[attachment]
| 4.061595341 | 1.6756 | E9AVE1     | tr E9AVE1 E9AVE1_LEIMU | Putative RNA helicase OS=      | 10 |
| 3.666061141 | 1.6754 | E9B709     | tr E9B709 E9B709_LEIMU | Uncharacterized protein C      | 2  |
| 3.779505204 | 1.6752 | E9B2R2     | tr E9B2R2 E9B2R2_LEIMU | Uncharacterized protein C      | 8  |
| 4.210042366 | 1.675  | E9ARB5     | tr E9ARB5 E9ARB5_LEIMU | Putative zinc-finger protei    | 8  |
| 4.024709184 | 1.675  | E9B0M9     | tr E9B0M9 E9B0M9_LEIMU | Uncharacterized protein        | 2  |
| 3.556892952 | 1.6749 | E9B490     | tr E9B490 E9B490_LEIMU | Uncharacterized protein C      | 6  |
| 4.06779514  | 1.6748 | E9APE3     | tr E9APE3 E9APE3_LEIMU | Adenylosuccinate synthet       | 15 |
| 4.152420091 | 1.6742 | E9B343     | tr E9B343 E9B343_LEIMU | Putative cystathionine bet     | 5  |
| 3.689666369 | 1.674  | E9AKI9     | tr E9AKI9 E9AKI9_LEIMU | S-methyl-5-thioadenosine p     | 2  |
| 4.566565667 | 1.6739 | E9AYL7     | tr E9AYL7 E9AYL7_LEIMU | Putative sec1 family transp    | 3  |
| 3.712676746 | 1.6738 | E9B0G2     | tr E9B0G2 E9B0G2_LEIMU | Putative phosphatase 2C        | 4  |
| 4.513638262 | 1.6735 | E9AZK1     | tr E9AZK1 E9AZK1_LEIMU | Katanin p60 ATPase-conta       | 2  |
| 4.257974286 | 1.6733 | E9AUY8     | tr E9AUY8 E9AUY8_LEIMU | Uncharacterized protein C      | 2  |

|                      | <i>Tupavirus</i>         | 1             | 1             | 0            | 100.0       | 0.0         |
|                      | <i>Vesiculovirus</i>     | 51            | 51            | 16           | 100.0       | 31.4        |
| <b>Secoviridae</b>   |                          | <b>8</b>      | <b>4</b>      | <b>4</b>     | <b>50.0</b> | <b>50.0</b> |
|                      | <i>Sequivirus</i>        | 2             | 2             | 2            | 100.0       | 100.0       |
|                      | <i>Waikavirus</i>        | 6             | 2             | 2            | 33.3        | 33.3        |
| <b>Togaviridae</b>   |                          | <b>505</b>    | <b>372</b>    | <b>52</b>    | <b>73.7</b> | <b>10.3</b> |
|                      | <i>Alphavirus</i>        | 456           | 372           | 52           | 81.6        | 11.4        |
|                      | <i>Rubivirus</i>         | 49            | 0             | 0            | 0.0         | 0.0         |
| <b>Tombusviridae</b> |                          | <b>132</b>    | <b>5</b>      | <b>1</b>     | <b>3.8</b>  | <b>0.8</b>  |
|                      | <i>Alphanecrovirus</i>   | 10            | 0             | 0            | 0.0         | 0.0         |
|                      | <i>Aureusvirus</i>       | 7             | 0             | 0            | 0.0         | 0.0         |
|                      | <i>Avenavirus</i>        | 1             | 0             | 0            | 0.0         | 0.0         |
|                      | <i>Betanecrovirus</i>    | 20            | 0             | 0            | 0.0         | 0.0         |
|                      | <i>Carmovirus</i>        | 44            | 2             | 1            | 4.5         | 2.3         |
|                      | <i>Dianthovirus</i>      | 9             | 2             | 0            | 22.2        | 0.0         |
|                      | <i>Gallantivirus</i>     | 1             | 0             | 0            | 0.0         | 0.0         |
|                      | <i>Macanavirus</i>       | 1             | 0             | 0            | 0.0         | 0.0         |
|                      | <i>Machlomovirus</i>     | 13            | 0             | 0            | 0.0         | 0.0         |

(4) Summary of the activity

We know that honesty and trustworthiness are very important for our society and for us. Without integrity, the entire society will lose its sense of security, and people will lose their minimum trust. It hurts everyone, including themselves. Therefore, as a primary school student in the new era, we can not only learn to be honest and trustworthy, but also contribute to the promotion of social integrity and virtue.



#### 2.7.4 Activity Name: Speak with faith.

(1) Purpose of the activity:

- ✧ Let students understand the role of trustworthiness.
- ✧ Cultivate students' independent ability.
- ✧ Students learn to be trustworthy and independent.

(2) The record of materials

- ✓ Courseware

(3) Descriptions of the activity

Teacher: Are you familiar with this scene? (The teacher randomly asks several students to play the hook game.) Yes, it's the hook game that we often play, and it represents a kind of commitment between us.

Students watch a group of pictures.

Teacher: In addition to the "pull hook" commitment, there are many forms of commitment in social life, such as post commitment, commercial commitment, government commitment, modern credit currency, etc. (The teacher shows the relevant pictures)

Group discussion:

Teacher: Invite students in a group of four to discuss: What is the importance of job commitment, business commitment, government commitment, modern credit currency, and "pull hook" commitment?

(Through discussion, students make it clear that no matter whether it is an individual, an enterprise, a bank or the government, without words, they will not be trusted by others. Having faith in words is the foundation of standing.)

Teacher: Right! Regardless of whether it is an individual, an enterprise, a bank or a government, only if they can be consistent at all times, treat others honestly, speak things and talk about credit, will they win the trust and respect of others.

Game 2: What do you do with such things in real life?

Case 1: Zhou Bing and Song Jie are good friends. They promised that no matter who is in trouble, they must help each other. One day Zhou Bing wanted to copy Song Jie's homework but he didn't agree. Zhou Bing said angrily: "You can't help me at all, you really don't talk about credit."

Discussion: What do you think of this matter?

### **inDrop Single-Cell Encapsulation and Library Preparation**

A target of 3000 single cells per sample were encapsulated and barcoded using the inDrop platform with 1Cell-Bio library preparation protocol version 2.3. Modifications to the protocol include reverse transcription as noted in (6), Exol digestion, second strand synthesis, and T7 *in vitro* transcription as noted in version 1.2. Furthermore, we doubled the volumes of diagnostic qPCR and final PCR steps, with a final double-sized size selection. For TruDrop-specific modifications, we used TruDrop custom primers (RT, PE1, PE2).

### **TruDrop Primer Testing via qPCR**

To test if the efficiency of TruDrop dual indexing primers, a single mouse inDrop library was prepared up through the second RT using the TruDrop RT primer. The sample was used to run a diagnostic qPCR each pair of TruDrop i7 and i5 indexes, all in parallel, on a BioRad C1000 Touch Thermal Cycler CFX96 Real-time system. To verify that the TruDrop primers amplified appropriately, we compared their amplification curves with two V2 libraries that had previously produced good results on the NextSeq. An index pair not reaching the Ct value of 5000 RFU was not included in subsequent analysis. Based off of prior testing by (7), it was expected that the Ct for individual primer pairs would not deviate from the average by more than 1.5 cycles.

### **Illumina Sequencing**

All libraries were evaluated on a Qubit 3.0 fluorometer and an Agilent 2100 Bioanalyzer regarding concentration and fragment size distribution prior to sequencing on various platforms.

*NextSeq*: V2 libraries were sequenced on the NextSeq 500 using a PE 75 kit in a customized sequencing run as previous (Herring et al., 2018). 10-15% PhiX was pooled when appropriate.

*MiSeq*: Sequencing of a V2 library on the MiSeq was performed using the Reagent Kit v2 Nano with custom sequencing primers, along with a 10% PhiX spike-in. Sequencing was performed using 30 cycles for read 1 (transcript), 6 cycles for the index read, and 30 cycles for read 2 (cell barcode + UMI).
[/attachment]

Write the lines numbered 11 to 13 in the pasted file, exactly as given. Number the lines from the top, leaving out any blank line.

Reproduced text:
| 3.712676746 | 1.6738 | E9B0G2     | tr E9B0G2 E9B0G2_LEIMU | Putative phosphatase 2C        | 4  |
| 4.513638262 | 1.6735 | E9AZK1     | tr E9AZK1 E9AZK1_LEIMU | Katanin p60 ATPase-conta       | 2  |
| 4.257974286 | 1.6733 | E9AUY8     | tr E9AUY8 E9AUY8_LEIMU | Uncharacterized protein C      | 2  |